Proletarianization of the Petibourgeoisie
The middle class is dead in the Third World. The gap between the rich and the poor has never been so huge as it is today. What the government labels as the middle class is nothing but an illusion. It is merely the proletarianized petibourgeoisie in sanitized and air-conditioned cubicles or work places spatially different from but somewhat reminiscent of industrial factories where the proletariat of the old days are mostly in. Instead of products, this proletarianized petibourgeoisie specializes in offering services and/or concocting financial data incomprehensible to the common man. Without them, the capitalist world will instantly crumble. There will be no malls, banks, call centers, information databases etc. without them. Unfortunately, like the fabricated humanoids in the movie “Cloud Atlas,” the proletarianized petibourgeoisie have no collective consciousness. They don’t/won’t care for a collective future. They just care about what they label as their “work.” Yes, they have dreams: dreams of owning houses, cars, having those bourgeois trips around the world, relaxing the whole year round... They dream of becoming part of the bourgeoisie, not of liberating themselves from the shackles of capitalism. Indeed, few of them realize that capitalism is slavery. They work like slaves but they think they’re free. Behold the proletarianized bourgeoisie with no proletarian consciousness. If Marx were alive, he’ll be very shocked that we’ve sunk this low.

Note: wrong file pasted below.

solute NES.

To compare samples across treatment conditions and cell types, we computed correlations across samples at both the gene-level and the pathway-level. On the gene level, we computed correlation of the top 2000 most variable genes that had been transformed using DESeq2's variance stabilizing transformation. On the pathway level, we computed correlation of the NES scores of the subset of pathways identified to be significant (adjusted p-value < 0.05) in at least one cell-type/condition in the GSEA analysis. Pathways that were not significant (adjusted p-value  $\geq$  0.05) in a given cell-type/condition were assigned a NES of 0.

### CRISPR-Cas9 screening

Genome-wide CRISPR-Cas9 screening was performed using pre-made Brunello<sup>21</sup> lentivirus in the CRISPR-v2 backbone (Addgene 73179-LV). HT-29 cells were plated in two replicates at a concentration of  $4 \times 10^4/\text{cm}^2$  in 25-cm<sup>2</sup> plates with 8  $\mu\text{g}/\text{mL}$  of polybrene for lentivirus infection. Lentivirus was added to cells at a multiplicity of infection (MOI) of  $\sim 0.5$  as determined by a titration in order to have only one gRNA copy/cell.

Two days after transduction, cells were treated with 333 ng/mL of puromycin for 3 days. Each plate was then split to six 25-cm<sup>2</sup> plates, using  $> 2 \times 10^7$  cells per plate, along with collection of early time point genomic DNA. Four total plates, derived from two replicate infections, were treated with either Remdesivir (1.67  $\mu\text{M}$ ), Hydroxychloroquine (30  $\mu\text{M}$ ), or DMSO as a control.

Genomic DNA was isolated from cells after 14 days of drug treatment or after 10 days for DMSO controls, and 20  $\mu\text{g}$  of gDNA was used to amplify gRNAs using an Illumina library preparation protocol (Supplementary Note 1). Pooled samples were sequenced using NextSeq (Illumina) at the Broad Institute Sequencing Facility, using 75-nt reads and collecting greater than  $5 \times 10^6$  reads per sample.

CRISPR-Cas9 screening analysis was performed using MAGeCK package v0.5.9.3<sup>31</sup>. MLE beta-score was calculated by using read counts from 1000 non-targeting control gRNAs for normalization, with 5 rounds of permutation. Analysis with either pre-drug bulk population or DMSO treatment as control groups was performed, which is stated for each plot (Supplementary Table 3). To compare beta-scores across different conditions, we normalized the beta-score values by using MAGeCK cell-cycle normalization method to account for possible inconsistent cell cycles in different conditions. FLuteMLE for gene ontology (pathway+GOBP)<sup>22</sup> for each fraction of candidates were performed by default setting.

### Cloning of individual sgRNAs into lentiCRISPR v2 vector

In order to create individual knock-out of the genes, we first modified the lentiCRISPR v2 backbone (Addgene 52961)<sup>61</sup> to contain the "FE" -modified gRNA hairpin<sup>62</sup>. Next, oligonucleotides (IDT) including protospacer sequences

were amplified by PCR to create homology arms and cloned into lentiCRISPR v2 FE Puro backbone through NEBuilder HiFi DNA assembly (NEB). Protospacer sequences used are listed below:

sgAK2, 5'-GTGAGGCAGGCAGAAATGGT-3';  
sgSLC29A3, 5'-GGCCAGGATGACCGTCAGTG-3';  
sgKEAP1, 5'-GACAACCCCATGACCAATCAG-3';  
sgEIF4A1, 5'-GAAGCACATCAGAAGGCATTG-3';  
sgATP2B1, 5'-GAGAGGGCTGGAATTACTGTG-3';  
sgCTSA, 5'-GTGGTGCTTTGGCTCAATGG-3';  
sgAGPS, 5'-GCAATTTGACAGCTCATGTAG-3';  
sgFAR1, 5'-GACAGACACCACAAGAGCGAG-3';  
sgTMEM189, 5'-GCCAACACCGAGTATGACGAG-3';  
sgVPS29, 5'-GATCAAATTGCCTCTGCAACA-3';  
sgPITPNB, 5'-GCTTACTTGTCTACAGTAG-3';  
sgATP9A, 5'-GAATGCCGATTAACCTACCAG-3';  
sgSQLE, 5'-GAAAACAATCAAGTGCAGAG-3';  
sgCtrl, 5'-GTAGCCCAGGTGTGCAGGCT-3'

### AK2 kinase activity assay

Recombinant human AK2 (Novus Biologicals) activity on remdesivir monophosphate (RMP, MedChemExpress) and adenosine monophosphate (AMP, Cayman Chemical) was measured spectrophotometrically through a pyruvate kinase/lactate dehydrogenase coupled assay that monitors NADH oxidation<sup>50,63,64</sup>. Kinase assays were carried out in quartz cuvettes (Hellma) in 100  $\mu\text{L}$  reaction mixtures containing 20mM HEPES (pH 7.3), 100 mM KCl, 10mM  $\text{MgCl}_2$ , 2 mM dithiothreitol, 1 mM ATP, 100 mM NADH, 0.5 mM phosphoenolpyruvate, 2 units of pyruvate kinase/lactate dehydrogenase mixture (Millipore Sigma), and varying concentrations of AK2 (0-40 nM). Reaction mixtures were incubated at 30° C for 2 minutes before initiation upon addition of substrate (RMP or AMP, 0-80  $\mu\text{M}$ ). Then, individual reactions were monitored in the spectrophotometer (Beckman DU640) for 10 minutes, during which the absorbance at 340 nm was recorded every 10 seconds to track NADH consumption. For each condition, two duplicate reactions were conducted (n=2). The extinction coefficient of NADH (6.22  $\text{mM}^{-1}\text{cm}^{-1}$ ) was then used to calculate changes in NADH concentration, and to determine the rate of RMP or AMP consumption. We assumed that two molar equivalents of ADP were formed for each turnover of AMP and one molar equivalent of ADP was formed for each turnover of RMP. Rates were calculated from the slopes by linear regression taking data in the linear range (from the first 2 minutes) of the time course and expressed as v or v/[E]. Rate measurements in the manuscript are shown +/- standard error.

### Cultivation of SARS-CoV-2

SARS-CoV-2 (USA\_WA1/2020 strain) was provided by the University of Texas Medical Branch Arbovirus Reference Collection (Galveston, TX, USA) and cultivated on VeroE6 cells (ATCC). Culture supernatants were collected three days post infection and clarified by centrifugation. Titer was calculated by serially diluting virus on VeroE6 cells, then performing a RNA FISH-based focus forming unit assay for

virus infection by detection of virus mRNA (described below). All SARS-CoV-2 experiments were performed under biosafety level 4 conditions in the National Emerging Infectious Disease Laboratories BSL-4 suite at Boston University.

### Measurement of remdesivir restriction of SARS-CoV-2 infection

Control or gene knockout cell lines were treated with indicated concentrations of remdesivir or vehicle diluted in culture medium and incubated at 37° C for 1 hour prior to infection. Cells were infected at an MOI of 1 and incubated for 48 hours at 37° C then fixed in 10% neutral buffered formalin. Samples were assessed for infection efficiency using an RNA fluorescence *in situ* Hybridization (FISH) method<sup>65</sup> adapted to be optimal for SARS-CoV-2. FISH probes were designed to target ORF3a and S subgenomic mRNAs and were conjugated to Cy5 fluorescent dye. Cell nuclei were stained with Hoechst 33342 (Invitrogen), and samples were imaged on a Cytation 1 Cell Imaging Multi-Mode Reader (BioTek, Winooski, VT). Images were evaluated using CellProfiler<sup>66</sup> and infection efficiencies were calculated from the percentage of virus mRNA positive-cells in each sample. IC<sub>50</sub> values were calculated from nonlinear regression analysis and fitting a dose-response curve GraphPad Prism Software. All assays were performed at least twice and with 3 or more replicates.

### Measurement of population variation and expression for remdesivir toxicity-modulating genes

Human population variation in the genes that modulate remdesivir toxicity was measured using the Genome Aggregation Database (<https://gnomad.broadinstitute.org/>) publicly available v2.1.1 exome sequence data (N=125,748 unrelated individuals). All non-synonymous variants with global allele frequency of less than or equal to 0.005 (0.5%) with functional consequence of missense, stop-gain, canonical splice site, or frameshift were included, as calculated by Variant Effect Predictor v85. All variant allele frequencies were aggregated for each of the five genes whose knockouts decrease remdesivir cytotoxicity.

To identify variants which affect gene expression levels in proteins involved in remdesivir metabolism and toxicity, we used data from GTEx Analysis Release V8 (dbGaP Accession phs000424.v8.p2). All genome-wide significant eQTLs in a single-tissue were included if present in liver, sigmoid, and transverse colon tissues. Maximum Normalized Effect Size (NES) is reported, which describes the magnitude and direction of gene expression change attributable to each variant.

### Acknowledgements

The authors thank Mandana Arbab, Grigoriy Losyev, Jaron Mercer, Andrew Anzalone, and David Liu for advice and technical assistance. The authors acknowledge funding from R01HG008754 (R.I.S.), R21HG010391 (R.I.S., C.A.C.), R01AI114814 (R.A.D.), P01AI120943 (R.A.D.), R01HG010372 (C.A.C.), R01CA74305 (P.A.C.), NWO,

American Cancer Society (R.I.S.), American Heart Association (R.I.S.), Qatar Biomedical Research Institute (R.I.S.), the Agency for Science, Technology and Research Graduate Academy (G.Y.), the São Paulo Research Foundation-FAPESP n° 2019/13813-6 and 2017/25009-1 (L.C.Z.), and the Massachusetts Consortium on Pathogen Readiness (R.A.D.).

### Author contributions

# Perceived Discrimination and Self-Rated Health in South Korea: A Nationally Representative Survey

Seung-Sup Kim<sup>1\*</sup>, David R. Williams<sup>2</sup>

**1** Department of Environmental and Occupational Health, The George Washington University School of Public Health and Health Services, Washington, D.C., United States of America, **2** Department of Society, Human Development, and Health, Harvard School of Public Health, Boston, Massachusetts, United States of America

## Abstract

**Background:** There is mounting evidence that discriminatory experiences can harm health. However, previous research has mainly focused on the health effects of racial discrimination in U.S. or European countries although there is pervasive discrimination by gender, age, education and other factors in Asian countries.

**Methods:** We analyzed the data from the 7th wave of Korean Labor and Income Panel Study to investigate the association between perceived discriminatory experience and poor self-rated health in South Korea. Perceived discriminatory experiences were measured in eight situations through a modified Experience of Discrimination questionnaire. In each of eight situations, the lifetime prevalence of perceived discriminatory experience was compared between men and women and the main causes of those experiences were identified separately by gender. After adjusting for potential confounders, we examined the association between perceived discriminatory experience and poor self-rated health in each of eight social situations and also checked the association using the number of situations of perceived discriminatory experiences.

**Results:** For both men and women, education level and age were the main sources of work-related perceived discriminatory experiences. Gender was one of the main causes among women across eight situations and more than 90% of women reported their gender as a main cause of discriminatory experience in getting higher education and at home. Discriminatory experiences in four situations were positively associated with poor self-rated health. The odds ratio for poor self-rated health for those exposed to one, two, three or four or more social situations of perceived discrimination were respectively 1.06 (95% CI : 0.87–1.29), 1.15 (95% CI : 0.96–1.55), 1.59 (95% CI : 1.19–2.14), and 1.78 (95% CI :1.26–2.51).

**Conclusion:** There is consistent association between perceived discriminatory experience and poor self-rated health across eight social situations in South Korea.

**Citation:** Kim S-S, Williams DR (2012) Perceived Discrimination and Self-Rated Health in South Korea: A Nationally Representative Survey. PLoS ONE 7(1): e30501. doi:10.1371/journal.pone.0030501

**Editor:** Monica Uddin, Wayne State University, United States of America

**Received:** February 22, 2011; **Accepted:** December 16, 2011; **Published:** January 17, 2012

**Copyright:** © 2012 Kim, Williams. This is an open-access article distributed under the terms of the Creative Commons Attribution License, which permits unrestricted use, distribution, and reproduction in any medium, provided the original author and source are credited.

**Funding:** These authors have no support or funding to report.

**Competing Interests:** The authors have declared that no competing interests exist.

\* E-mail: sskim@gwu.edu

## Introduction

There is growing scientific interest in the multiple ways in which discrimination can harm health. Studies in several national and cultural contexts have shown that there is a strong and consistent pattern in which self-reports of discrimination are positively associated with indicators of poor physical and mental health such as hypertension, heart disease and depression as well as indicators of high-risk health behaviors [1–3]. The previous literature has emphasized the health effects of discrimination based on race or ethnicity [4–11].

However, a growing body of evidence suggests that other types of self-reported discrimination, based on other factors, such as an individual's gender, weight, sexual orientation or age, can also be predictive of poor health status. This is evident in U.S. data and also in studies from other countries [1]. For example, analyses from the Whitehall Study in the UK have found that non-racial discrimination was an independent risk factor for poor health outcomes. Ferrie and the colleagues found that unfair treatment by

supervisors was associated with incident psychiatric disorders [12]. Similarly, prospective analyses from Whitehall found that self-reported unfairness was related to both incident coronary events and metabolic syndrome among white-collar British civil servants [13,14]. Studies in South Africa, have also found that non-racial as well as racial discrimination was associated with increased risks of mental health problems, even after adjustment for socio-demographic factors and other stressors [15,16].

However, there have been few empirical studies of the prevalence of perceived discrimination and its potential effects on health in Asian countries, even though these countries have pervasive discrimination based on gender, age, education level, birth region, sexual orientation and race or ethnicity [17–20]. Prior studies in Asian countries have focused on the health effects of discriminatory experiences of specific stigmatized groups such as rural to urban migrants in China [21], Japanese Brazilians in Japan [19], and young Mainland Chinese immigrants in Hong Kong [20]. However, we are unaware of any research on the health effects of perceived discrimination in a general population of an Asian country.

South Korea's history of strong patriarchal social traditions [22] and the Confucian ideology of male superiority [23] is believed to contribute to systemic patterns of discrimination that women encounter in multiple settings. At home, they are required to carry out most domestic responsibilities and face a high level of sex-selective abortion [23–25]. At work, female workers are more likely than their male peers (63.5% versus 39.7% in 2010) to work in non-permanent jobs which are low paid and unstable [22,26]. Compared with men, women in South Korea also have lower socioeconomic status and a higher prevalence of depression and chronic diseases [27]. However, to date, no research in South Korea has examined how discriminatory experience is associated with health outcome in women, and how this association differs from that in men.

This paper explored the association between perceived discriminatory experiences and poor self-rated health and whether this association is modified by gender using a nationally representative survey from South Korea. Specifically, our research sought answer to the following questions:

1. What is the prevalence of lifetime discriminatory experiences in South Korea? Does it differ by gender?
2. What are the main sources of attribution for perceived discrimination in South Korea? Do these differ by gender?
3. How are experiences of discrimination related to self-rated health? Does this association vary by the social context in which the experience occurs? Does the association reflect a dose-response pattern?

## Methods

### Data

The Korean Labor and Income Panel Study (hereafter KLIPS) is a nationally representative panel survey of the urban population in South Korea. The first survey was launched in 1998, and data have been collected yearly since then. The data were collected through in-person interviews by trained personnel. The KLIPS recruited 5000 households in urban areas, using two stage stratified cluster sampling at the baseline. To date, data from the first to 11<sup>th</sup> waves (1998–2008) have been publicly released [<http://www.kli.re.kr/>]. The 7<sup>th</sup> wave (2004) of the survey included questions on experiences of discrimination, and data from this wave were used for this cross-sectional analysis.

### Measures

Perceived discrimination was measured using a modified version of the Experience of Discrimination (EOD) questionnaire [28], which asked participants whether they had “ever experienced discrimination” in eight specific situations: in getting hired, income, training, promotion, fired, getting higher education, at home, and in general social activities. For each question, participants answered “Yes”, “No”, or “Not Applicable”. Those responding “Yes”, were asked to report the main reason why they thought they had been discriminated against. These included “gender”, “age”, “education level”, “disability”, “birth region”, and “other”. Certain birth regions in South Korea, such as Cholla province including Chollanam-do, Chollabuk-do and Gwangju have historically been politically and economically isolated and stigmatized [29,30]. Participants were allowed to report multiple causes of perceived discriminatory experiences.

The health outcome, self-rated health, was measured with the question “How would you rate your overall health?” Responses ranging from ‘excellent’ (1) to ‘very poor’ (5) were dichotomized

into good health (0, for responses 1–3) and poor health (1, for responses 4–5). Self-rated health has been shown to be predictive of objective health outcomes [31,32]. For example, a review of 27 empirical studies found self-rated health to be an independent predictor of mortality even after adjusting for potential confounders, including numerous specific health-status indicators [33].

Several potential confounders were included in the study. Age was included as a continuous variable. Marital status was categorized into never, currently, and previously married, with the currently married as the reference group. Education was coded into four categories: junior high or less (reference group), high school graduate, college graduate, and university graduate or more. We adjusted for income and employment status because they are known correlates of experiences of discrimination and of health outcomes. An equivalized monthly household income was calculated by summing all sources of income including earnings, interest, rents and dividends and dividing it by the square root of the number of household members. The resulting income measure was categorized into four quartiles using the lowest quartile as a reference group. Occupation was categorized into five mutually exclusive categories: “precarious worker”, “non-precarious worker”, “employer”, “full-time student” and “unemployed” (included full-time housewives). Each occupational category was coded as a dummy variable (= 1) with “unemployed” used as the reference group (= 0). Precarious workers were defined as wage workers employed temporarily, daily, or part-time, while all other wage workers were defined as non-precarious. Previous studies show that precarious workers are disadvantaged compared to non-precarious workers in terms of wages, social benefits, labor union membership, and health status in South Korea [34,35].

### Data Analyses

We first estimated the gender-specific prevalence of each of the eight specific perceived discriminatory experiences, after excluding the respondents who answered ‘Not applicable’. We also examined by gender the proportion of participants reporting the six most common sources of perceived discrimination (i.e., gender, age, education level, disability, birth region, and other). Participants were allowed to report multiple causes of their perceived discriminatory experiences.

The Scandinavian Alternative
Marxists will always insist that the proletarian class, the workers themselves must control everything in the future socialist world. Hence, discussions on the pros and cons of the “dictatorship of the proletariat” are very common. But what if instead of the directly confrontational “dictatorship of the proletariat,” we attempt to establish a “worker-led democracy,” a country where capitalists and workers co-exist, with the prolabor government as the arbiter. Roughly, the Scandinavian/Nordic countries (Norway, Sweden, Denmark and Finland) have such governments. The workers have decided not to obliterate the capitalist class. Meanwhile, the capitalists – afraid of any proletarian revolution – agreed to demonopolize the profits earned by corporations just to preserve the status quo that serves them well. The governments, usually pro-labor (considering the very high average negotiated wage in Scandinavian countries), exists to impose higher taxes on the wealthy capitalists so as to provide for most needs of the people. In a nutshell: capitalists are still able to extract “surplus value” from the workers; exploitation is still there but since the workers are relatively satisfied and somewhat pampered with a social welfare state partly funded by the “surplus value” that the government took away from the hands of the capitalists in the form of taxes, the class war predicted by Marx and Engels is avoided, at least postponed perhaps. Scandinavian governments offer free education at all levels, generous unemployment benefits, and excellent socialized health care. As a result, the Scandinavian countries consistently enjoy high rankings in the United Nation’s Human Development Index. Indeed, Norway has been the best country to live in, for the past years. No one can deny that the Scandinavian alternative – that hybrid mix of capitalist accumulation of profits and socialist redistribution – works better than the dominant Anglo-Saxon mode of old-school Pac-Man capitalism. Is it possible to replicate the relative success of the Scandinavian alternative worldwide? Perhaps there’s no harm in trying.